Back to Listing

Jan Owen

by

01 December 2012

Jan adds new spin to the term entrepreneurial flair and has a lot to say about the importance of our youth, today and for the future, and the part we must play in this as the adults in charge.

Recognised as one of the leading pioneers of Australia’s youth sector, Jan Owen’s life’s work has been finding and providing young people with a space for their voice, as well as advocating for their rights and needs.

She has occupied this space and worked in the not-for-profit sector for more than 20 years, utilising what she considers to be one of her greatest strengths, her love of the entrepreneurial process.

As a child, the eldest of 4 growing up in semi rural southeast Queensland not far from Brisbane, Jan was the one with the lemonade stand at the end of a very long drive fronting a road over which very few cars ever passed.

She admits she’s always been very optimistic.

She also began, with her three younger brothers, a much more successful venture catching toads for the University’s vet science students’ experiments. At school, some years later, she set up the first motor mechanic class in a girls school in Australia and had herself and four friends (following her astute call to the papers), dressed in overalls and strategically painted with grease and oil, splashed over the front page of the Sunday papers nationally.

“I’d purchased this old Holden and we were going to do it up. The motivations behind many of my entrepreneurial activities have often had a flaw or two,” explains Jan, going on to say, “We had one male teacher in our catholic girls school. I was 16 and I wanted to understand what made him tick. A motor mechanic course seemed like a way through. He turned out to have absolutely no idea about cars and in the end our fathers came in to finish the job. We sold the car for three times what I’d bought it for, and used the funds to get to schoolies week.

“I’ve always been more fascinated by inspiring others to a greater purpose, building teams and making a difference in my work (organizing the people, managing and maintaining and assessing what is needed and what needs to be done) than in pure commercial returns,” Jan admits, when asked what was done with any cash earnings.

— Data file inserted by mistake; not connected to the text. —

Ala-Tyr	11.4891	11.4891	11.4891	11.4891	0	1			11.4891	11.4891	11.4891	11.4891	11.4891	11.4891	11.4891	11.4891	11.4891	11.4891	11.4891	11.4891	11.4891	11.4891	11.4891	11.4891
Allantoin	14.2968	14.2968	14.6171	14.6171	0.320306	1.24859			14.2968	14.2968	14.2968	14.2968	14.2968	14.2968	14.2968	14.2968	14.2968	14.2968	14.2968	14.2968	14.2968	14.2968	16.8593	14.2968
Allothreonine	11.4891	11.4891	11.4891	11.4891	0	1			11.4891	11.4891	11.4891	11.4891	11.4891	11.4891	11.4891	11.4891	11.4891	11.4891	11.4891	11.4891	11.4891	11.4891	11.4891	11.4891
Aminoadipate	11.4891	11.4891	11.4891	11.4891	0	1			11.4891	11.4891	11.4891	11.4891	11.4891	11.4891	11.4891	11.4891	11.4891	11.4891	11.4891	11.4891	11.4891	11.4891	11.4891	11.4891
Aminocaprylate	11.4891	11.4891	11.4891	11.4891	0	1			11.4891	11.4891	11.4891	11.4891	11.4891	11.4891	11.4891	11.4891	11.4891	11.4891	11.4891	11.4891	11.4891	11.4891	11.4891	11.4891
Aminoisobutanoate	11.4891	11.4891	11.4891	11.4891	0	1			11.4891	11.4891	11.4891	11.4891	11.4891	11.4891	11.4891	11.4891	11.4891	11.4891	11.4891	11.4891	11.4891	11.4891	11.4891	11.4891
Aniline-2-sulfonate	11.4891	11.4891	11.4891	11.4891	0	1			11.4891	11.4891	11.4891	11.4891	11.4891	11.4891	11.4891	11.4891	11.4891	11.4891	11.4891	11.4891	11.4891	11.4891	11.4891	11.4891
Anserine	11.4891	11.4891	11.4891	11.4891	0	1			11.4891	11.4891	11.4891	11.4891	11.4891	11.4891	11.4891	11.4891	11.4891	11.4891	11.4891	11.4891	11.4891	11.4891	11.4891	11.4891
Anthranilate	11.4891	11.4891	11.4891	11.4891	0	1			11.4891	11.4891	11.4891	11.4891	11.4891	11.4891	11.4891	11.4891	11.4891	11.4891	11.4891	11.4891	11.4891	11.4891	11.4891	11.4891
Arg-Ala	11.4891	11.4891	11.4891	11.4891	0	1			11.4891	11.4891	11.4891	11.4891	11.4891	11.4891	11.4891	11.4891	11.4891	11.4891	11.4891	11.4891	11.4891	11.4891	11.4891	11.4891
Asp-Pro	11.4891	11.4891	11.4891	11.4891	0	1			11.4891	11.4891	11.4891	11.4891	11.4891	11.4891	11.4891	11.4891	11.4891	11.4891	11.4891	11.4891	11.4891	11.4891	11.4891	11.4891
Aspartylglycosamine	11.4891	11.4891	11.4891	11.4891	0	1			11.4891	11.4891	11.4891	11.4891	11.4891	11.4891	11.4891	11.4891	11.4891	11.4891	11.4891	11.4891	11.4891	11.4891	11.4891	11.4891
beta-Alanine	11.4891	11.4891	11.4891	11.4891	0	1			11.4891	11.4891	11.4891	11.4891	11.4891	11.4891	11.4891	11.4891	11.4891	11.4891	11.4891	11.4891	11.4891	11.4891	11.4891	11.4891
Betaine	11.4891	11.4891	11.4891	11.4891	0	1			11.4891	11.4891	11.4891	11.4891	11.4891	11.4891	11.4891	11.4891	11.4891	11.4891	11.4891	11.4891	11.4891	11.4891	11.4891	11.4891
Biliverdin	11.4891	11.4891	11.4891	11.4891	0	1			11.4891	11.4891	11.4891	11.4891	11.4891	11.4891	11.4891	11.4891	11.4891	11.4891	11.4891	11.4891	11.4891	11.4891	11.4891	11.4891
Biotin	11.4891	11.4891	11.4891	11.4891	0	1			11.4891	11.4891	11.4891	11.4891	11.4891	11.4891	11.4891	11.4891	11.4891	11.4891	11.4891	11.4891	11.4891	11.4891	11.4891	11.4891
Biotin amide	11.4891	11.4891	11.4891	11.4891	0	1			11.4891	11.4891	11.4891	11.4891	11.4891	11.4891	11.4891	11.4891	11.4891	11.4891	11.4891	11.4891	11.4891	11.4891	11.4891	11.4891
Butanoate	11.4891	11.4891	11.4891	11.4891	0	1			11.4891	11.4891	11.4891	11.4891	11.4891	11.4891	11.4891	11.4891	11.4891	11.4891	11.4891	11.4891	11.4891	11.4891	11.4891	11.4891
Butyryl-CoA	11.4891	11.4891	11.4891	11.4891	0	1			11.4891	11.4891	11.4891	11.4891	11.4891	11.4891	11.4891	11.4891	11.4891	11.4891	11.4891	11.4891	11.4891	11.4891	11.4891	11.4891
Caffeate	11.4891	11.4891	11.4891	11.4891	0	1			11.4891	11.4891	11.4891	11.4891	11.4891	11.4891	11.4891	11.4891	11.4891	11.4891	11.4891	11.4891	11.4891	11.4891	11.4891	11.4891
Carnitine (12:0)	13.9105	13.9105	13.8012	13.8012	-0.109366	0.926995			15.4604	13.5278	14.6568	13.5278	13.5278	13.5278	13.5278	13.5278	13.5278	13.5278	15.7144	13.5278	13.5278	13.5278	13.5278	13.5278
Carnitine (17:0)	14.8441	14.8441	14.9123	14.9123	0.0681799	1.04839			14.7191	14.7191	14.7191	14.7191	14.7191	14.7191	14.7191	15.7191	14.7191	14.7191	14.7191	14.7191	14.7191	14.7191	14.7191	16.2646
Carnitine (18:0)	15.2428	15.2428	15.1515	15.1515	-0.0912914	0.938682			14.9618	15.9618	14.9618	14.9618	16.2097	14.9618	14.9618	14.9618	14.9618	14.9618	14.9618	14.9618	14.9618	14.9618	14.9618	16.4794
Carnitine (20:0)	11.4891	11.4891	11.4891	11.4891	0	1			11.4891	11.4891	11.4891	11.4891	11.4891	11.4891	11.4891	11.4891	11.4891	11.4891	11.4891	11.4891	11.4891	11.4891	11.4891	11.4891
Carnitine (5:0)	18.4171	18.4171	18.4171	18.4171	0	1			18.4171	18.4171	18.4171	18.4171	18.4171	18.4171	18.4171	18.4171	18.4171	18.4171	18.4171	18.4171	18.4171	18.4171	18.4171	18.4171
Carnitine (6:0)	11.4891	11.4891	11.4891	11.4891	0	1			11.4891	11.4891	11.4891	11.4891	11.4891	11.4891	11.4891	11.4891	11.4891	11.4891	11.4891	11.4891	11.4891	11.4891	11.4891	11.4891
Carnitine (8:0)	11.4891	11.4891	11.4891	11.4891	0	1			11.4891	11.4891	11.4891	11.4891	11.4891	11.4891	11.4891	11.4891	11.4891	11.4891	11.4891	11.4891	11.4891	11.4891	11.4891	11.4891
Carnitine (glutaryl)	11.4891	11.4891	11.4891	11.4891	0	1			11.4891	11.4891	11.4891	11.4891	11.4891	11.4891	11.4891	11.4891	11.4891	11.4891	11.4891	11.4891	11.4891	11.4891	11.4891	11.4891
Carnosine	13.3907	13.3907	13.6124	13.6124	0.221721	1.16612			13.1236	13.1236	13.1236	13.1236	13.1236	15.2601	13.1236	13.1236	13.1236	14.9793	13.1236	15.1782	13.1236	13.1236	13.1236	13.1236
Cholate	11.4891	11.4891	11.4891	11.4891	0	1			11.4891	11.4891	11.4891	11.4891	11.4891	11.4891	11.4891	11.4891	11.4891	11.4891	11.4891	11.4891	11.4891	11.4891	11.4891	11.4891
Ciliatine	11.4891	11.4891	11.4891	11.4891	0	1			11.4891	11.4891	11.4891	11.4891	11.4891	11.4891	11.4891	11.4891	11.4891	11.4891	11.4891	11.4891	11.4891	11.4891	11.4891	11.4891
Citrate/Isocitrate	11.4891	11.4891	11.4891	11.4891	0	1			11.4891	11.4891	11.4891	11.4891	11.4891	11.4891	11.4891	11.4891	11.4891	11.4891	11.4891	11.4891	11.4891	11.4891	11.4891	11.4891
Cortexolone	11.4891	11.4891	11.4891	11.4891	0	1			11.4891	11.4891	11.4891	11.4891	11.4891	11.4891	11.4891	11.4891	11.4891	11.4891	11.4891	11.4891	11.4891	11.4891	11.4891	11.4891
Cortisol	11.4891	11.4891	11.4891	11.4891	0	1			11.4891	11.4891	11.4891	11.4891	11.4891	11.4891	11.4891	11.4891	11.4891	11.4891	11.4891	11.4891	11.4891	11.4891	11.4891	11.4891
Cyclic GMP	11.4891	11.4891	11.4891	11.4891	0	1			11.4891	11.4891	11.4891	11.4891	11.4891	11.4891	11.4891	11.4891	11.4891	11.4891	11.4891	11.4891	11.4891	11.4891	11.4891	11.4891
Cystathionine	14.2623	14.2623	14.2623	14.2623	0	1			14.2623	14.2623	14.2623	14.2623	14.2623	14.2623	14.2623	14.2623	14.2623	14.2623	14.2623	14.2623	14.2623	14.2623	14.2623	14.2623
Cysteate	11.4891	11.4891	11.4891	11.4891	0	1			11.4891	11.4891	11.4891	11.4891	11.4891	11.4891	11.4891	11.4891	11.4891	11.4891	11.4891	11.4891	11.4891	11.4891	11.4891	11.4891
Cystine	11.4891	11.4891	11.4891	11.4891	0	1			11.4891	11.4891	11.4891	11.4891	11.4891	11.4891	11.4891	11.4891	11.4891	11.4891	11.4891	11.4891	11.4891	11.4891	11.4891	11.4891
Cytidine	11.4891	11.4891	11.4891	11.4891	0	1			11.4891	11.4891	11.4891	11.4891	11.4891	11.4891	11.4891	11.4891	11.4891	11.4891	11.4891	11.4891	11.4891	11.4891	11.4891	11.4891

That childhood entrepreneurial flair, and her abiding interest in returns of the social kind, also says something about who she is now.

“I’m very mission and purpose oriented. Making money for myself has tended to take a back seat,” explains Jan, who jokingly points out that working in the not-for-profit sector, “where for most of my early working life I earned about 2.3 dollars a day”, indicates a lot about her personal relationship to economics.

So, why the commitment to youth and youth affairs?

Firstly, Jan says, it would be very short sighted not to invest in and see the importance of those who are coming up behind us.

She also rejects on every level the portrayal of youth in the media, where the stats indicate 7 of the 10 stories about youth focus on what they are doing wrong and their negative contribution to society. Her experience is of amazing stories of contribution by both those who have had opportunity and those who have not, including many young refugees living in our communities now. Take the young Afghani boy who arrived here 5 years ago and was a recent participant in one of the Foundation for Young Australians (FYA) programs. He arrived without a word of English to live with his uncle, having lost his entire family – eight of them. Since then he has been instrumental in beginning a group for refugees in his school and in three others, to support young people and their families to integrate and come to understand and accept what has happened in their lives.